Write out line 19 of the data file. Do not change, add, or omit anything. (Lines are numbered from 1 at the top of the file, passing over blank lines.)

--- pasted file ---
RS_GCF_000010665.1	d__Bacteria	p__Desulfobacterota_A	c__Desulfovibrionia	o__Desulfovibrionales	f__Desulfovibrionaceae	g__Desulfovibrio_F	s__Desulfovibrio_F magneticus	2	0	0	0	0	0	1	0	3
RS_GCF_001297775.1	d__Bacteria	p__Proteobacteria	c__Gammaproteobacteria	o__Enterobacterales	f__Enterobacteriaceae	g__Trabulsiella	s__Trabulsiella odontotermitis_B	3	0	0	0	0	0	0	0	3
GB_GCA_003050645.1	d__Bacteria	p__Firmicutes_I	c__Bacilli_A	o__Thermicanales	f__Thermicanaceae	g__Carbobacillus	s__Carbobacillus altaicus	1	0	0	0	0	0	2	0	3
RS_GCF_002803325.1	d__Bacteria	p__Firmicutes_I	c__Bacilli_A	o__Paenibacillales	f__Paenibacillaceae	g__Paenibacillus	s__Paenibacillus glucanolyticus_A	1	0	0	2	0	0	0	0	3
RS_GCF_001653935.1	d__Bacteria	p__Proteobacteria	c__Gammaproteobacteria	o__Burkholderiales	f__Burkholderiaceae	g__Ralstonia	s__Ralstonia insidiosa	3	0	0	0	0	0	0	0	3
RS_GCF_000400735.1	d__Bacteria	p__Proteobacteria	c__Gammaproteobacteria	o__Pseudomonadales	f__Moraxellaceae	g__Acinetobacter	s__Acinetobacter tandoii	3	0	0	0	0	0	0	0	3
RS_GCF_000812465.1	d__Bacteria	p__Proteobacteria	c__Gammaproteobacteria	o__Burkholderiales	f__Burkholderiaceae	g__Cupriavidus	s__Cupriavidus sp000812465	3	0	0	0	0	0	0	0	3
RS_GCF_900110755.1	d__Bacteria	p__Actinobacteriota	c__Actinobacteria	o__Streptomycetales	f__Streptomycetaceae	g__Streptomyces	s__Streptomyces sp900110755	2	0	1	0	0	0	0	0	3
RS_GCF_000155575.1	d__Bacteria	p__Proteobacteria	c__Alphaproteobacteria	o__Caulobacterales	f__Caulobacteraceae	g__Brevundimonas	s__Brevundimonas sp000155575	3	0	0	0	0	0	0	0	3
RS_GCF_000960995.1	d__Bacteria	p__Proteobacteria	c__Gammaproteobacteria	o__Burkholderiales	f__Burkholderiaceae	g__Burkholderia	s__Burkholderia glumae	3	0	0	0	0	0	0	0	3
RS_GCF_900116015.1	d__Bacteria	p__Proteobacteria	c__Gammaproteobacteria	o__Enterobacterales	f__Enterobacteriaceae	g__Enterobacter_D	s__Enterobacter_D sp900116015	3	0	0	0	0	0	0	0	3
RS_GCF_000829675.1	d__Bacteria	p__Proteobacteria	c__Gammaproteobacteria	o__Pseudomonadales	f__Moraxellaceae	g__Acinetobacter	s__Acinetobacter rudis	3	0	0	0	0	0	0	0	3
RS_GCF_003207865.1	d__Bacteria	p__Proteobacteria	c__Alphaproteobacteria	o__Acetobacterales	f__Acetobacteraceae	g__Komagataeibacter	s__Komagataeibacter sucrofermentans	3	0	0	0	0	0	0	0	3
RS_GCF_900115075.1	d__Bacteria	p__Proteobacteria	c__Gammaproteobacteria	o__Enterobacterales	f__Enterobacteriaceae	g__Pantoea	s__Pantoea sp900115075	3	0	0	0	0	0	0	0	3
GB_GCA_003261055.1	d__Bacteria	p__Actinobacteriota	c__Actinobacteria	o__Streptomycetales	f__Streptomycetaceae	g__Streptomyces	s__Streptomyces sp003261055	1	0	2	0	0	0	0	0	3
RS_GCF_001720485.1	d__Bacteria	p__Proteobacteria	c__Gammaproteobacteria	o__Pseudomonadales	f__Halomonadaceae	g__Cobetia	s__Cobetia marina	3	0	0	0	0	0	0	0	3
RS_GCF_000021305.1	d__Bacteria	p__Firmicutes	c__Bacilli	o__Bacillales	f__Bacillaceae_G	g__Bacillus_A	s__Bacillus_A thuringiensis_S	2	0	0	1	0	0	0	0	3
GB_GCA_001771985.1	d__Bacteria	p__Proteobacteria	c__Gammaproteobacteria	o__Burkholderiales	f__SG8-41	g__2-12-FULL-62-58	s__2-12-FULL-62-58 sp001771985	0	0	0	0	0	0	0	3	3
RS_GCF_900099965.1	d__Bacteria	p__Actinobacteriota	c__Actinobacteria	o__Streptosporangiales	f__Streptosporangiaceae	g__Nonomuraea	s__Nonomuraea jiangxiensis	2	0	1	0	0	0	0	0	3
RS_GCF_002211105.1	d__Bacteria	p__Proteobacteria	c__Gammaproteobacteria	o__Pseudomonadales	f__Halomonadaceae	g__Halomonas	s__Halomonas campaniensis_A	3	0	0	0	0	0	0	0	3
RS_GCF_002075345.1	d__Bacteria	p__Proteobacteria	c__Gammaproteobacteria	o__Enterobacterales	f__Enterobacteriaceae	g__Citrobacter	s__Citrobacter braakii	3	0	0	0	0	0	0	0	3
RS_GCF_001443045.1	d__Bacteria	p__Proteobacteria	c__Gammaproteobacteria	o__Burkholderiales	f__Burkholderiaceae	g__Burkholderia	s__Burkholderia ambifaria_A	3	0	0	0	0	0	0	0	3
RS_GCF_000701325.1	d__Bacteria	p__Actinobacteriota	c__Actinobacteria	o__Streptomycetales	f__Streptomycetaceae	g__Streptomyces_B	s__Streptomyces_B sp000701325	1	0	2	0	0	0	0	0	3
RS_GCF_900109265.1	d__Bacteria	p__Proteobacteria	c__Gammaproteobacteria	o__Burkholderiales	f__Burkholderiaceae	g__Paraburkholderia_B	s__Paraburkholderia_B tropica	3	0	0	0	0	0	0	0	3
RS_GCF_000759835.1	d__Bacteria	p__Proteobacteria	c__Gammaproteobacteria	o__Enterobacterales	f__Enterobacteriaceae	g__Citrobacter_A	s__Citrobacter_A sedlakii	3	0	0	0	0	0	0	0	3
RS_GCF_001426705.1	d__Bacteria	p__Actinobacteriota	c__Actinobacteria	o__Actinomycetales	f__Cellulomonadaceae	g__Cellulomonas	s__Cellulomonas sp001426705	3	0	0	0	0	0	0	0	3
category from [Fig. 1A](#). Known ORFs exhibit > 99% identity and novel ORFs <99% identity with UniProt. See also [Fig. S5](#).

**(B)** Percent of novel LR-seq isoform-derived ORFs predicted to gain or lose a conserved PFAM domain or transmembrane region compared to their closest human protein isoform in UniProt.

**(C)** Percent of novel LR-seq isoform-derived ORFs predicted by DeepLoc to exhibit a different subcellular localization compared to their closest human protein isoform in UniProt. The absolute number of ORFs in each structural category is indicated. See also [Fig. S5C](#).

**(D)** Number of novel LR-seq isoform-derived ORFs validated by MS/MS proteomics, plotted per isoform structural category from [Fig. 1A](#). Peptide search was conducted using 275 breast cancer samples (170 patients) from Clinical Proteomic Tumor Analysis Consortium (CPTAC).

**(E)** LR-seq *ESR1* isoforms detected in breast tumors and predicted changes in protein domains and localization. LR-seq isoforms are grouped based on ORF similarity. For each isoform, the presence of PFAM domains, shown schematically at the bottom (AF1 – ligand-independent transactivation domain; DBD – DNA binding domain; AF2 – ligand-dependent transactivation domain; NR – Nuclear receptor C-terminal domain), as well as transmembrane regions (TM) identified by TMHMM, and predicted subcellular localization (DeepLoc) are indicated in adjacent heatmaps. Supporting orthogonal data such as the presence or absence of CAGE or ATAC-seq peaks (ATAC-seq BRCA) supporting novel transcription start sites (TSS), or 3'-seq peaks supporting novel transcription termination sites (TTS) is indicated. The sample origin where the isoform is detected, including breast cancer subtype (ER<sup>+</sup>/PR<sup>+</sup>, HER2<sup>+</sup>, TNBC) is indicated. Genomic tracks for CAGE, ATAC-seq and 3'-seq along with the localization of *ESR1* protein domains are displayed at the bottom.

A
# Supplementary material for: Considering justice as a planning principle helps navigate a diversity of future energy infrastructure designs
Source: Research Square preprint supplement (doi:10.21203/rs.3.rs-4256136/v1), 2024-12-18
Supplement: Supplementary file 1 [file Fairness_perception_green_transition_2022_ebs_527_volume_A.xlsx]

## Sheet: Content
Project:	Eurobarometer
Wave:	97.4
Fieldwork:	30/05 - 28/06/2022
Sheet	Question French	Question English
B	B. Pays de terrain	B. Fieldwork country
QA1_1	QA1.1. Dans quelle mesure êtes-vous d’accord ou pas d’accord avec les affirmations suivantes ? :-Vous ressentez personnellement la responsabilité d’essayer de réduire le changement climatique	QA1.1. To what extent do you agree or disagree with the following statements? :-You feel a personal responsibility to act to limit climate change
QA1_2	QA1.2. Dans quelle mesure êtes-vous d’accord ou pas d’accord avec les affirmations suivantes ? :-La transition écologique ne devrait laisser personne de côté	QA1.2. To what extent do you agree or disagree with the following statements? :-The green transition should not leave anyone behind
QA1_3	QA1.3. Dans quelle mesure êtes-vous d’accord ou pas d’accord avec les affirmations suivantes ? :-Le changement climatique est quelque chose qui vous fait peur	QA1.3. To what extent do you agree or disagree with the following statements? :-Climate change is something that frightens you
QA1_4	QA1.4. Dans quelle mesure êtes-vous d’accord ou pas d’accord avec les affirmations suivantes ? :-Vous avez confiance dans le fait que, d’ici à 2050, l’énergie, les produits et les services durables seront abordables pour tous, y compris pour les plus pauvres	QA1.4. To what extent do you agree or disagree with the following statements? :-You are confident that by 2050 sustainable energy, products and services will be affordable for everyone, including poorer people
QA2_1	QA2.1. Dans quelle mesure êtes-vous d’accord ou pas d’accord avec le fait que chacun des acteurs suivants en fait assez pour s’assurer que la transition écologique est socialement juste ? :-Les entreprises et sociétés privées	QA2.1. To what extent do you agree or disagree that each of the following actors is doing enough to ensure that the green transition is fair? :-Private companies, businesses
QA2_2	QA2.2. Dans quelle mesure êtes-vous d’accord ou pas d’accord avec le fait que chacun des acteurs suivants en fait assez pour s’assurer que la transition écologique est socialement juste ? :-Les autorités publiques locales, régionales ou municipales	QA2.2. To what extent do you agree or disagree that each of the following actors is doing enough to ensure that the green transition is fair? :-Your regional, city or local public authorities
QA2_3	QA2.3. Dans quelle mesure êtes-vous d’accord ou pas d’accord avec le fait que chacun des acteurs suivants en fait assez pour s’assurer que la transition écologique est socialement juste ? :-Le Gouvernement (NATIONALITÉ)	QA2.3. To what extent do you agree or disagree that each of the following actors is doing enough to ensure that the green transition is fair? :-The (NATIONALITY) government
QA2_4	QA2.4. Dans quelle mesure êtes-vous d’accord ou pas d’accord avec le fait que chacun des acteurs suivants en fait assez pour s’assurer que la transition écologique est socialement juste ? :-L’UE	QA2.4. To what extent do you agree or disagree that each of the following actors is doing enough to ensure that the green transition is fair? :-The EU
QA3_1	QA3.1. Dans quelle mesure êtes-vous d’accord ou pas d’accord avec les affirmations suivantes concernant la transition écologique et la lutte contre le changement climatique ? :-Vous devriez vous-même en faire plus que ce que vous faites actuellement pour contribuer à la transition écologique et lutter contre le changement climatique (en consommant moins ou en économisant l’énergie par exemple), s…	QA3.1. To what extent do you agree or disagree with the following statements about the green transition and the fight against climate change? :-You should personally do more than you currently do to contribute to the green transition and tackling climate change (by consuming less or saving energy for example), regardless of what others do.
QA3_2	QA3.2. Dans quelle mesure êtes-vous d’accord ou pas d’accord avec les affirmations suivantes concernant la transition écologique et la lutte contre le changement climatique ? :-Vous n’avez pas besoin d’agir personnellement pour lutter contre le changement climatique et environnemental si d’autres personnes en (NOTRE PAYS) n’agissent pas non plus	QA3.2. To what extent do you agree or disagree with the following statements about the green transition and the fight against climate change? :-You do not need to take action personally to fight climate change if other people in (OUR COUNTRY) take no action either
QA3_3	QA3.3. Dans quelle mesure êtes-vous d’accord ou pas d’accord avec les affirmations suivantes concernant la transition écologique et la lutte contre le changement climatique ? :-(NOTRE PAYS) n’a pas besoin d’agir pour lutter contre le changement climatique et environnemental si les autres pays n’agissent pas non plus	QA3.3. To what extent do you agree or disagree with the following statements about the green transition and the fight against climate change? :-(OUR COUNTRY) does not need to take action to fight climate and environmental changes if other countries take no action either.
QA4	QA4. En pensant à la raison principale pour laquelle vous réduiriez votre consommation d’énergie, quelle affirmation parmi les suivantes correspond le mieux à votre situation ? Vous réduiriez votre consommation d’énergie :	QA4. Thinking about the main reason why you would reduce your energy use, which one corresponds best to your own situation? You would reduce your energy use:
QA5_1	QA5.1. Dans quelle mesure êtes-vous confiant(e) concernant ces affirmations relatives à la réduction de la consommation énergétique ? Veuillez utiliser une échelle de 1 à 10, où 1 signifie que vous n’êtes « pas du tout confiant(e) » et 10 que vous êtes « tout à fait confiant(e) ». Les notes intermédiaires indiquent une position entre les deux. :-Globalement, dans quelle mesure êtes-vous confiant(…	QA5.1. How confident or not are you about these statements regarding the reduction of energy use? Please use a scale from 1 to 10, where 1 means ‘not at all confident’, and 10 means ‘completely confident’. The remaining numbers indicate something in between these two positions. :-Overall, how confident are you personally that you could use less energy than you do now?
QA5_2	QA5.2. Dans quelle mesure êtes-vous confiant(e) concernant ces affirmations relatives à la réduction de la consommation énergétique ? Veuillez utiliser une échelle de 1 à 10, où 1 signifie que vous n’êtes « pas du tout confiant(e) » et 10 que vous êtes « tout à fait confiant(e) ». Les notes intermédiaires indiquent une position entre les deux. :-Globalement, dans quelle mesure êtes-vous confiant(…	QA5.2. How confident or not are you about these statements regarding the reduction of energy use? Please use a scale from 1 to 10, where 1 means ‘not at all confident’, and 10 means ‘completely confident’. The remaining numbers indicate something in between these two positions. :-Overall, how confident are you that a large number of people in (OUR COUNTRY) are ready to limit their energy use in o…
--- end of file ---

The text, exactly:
RS_GCF_900099965.1	d__Bacteria	p__Actinobacteriota	c__Actinobacteria	o__Streptosporangiales	f__Streptosporangiaceae	g__Nonomuraea	s__Nonomuraea jiangxiensis	2	0	1	0	0	0	0	0	3